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Senate passes anti-camping bill; it now goes back to House

Senate passes anti-camping bill; it now goes back to House

Mitch Coffman
February 15, 2012
February 15, 2012

With a 26-9 vote Tuesday in the Idaho Senate, House Bill 404—better known as the anti-Occupy Boise bill—was sent back to the House as amended. The House will need to vote on the measure because the House bill was amended in the Senate on the issue of properly and constitutionally seizing the property of the occupiers.

The vote fell mostly along party lines, with just two Republicans voting against the bill. They were Patrick Malloy, substituting for Shirley McKague of Meridian, and Dan Johnson of Lewiston.

A common theme for those in favor of the bill was the idea that the Occupy Boise movement is starting to make the encampment a permanent residence. Sen. Bart Davis, R-Idaho Falls, said staying overnight goes beyond the right to express views, especially on public property. “Can individuals also declare some of this ground to be their temporary or permanent place of dwelling?” he asked.

Republican Sens. John Tippets of Montipelier and Chuck Winder ofBoiseboth said that they have tried to work with and understand the Occupy group, with Tippets saying he even spent one evening with them after remembering during testimony that the group had invited legislators to stop by. Tippets said he didn’t see many people in the encampment, but when he finally found a group, “most of them were welcoming.” Tippets said after meeting with them, he was concerned about potential residency. “My concern is that some folks are starting to see this as a long-term residence.”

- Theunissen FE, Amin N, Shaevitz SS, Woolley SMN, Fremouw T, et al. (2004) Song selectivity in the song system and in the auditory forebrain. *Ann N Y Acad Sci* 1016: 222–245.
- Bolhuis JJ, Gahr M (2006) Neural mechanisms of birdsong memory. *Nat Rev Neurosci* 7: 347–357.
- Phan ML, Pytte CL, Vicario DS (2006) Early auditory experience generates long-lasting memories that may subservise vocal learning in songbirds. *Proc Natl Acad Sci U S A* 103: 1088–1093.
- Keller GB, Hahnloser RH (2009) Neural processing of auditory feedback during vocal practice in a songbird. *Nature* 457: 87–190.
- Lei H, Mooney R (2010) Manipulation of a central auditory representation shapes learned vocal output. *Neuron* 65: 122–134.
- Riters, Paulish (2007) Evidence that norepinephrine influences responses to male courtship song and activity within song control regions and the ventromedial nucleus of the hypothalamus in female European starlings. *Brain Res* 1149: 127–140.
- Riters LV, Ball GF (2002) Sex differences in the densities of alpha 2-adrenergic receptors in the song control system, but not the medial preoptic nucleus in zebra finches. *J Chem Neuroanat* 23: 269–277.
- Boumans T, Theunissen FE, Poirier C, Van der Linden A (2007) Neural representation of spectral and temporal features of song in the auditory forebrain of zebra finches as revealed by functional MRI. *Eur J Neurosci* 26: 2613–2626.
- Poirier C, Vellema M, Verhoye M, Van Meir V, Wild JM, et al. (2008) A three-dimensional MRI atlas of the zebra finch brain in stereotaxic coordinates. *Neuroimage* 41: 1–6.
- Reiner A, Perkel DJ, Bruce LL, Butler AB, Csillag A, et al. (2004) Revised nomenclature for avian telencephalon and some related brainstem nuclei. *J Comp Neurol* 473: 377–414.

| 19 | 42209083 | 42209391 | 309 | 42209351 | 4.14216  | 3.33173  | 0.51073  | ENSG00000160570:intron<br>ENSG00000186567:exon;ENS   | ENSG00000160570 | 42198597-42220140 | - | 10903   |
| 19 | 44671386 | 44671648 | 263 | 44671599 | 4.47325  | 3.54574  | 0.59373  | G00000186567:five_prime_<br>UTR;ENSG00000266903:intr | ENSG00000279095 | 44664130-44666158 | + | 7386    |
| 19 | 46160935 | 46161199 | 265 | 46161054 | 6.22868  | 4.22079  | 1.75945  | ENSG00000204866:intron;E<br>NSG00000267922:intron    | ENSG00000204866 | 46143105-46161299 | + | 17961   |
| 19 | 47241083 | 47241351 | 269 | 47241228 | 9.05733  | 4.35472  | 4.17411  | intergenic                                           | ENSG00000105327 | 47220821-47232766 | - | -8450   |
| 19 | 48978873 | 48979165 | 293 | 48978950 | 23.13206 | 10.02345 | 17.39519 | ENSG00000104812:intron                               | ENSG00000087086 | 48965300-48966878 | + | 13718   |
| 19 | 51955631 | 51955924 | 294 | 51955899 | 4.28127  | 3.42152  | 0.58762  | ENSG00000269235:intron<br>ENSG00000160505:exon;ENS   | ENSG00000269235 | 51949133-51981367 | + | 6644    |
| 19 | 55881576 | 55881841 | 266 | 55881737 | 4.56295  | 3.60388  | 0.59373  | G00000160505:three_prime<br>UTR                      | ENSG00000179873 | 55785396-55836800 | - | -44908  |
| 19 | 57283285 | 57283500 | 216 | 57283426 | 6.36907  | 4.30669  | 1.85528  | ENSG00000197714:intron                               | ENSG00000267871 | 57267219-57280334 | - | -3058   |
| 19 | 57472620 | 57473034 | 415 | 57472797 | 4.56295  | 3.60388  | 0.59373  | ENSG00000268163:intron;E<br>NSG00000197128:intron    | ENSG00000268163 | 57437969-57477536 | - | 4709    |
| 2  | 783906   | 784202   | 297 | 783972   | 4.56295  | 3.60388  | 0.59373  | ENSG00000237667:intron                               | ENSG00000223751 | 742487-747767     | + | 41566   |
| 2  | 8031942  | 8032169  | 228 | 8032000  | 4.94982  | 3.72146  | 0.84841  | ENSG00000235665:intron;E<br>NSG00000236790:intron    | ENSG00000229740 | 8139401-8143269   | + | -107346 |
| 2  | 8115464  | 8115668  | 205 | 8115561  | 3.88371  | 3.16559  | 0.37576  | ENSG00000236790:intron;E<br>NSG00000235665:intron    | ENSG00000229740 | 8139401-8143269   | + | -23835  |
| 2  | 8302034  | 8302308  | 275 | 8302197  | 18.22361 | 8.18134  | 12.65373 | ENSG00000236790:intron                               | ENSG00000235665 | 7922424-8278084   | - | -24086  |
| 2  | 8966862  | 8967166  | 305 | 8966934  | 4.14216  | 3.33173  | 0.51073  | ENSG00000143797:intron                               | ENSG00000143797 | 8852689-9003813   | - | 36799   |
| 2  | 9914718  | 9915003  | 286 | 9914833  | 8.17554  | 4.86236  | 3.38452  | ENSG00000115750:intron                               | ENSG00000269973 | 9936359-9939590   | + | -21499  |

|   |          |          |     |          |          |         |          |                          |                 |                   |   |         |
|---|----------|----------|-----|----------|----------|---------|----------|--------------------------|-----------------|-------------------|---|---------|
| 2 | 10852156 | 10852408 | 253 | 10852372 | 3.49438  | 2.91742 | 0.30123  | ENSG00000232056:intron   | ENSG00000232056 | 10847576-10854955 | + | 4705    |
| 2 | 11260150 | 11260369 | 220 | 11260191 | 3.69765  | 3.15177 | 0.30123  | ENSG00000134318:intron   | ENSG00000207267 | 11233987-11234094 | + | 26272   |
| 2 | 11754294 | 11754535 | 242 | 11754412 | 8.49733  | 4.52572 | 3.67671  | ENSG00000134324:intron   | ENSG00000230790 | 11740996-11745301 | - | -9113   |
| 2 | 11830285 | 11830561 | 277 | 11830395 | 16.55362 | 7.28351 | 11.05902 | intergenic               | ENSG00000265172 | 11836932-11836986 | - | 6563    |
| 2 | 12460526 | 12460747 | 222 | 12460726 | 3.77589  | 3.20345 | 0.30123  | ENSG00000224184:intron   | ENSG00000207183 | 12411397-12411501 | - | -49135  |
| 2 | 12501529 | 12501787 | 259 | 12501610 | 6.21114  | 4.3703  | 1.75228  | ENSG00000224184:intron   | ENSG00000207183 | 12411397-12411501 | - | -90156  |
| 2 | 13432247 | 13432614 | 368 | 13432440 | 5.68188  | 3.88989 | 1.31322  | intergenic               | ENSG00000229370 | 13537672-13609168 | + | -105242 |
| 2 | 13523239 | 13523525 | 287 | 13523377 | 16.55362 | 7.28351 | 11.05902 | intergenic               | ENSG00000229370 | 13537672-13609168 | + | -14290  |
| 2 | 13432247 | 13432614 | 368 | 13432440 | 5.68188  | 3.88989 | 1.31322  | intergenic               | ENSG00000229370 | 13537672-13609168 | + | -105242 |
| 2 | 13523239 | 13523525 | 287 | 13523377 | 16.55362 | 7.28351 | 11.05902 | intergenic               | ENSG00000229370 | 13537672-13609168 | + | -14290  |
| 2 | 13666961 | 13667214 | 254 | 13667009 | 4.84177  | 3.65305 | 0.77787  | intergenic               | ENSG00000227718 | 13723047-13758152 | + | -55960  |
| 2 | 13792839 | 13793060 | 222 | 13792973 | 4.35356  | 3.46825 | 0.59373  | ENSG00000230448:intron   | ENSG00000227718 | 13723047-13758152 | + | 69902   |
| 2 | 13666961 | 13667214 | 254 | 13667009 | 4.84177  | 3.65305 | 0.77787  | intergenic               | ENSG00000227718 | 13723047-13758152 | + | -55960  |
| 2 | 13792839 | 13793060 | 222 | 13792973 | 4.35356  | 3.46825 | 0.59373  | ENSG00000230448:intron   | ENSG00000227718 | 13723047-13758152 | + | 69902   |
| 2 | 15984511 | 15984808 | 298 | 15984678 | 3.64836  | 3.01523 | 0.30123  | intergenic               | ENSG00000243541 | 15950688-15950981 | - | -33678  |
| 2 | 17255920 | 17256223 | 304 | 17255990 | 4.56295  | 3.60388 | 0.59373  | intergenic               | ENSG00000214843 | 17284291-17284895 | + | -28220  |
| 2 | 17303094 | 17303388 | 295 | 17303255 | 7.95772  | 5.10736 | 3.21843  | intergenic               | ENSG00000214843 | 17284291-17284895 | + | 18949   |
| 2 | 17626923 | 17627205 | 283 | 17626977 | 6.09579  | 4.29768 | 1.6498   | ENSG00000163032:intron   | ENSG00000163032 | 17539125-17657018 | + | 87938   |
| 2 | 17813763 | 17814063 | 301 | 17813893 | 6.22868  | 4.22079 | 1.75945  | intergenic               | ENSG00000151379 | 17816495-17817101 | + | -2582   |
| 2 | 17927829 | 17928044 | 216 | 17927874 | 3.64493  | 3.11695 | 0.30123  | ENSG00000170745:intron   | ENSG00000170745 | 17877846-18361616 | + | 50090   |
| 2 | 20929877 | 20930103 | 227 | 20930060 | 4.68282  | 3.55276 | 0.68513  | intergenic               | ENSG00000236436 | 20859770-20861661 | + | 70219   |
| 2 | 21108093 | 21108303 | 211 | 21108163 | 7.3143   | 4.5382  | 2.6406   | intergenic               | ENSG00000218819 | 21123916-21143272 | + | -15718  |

Winder said he has told the group he would help them locate meeting rooms, which he pointed out in the Capitol are free as long as they are used for a “lawful purpose.”

During testimony, legislators on both sides of the aisle were emotional.

Sen. Nicole LeFavour, D-Boise, said that the bill is just another example of lawmakers shutting themselves off from the public and not being open. “It is our job as much as it is the majority's job to bring forth issues for debate, for thoughtful debate. Today we debate a bill that attempts to silence some and remove them from our sight, and I worry that this is only a really sinister echo of what's happening in our chambers and in our committee rooms every day this year …”

LeFavour also took the opportunity during her second time at debating against the bill to broaden her debate and attack the majority, saying “bills brought by the minority are repeatedly not even introduced to print.”

Davis objected to LeFavour’s comments, saying the debate needed to be focused on the bill that was before them. Lt. Gov. Brad Little, presiding over the Senate, said he would allow her comments to continue “given the gravity of the issue,” but there would be only a  little leeway.

Surprisingly, not much was mentioned about the First Amendment’s right to free speech and free assembly during the testimony. It was touched on some by those who opposed the legislation, but most of those opposed spoke more to moral concerns.

Senate Minority Leader Edgar Malepeai, D-Pocatello, even said that he had no doubt it was within the right of the legislative body to regulate the use of the property, but added this bill focuses on a certain group of people and “that’s not right.”

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